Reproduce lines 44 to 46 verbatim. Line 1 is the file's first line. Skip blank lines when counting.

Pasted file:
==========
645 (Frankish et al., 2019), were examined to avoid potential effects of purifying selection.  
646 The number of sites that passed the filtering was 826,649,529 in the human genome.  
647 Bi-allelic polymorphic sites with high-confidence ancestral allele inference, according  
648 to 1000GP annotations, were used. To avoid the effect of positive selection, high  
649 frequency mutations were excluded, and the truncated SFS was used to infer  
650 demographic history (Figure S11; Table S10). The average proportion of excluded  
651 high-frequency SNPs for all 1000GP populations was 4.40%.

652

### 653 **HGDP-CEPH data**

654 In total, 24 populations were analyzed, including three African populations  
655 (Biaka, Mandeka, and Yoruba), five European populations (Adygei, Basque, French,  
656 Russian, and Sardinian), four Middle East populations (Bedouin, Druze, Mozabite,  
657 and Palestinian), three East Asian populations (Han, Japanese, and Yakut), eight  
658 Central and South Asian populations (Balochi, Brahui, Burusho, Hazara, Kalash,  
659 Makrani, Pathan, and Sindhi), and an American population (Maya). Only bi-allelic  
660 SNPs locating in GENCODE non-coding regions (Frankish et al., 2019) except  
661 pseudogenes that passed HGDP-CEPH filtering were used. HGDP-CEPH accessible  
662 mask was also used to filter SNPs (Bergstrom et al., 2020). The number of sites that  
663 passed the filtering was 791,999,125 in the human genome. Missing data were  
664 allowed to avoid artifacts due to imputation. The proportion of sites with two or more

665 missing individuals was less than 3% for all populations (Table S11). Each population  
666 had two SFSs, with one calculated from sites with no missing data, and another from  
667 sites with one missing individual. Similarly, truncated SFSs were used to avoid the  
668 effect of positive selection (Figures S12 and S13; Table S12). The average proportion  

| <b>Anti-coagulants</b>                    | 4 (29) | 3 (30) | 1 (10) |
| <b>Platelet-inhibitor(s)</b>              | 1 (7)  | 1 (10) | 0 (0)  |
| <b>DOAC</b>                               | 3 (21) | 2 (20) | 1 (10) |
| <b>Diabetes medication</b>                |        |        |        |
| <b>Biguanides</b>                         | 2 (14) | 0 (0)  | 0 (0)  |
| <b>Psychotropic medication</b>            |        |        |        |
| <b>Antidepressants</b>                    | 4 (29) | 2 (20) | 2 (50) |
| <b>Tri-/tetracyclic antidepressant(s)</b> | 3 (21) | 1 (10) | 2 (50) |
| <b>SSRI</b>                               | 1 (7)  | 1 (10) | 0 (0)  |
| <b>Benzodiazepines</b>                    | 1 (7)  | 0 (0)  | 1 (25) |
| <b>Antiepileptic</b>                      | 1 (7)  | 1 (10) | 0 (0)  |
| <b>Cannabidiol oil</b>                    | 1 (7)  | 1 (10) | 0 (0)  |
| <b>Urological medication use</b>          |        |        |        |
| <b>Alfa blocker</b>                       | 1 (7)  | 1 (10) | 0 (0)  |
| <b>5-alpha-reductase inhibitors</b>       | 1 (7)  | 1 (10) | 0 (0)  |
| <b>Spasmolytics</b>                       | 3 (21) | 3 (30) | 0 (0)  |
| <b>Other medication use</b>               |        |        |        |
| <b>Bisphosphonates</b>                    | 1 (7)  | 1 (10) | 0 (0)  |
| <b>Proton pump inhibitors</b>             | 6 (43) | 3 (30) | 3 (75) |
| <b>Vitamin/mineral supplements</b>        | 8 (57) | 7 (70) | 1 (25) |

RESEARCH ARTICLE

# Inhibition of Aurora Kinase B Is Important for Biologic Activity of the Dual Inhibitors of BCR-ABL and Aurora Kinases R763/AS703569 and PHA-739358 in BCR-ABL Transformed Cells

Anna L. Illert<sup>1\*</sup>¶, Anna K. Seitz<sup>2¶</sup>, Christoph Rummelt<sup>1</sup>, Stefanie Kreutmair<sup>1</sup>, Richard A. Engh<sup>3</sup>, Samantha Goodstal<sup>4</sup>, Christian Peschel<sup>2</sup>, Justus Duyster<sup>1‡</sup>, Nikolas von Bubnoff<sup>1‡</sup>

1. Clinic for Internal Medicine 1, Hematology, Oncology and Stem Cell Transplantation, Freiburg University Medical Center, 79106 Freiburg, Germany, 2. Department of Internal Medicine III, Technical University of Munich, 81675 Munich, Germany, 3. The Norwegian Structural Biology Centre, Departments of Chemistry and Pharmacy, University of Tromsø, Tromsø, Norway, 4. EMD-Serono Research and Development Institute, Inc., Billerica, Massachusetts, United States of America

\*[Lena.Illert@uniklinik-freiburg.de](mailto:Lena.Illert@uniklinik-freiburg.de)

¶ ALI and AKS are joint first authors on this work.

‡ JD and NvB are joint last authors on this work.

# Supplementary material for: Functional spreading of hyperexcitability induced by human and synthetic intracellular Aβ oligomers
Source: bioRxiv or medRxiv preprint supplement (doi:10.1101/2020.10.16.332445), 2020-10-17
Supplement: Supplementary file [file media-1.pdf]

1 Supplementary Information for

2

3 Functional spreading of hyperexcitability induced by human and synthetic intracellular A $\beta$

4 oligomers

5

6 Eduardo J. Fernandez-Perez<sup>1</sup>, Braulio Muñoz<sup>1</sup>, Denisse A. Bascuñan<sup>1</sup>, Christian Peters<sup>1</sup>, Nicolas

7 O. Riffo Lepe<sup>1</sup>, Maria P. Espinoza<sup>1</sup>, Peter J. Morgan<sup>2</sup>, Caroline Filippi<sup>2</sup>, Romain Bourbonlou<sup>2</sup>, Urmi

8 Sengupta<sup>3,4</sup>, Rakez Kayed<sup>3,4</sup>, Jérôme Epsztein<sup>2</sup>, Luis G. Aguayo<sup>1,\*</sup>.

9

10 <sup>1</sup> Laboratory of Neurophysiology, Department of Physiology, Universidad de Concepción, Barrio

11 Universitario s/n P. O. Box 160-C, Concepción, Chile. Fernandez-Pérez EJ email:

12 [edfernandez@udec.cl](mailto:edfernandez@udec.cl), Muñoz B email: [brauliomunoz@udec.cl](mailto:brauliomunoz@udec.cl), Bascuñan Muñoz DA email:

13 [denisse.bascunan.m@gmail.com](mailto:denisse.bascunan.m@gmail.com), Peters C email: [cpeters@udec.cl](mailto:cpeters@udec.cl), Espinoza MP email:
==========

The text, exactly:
| <b>Vitamin/mineral supplements</b>        | 8 (57) | 7 (70) | 1 (25) |

RESEARCH ARTICLE

# Inhibition of Aurora Kinase B Is Important for Biologic Activity of the Dual Inhibitors of BCR-ABL and Aurora Kinases R763/AS703569 and PHA-739358 in BCR-ABL Transformed Cells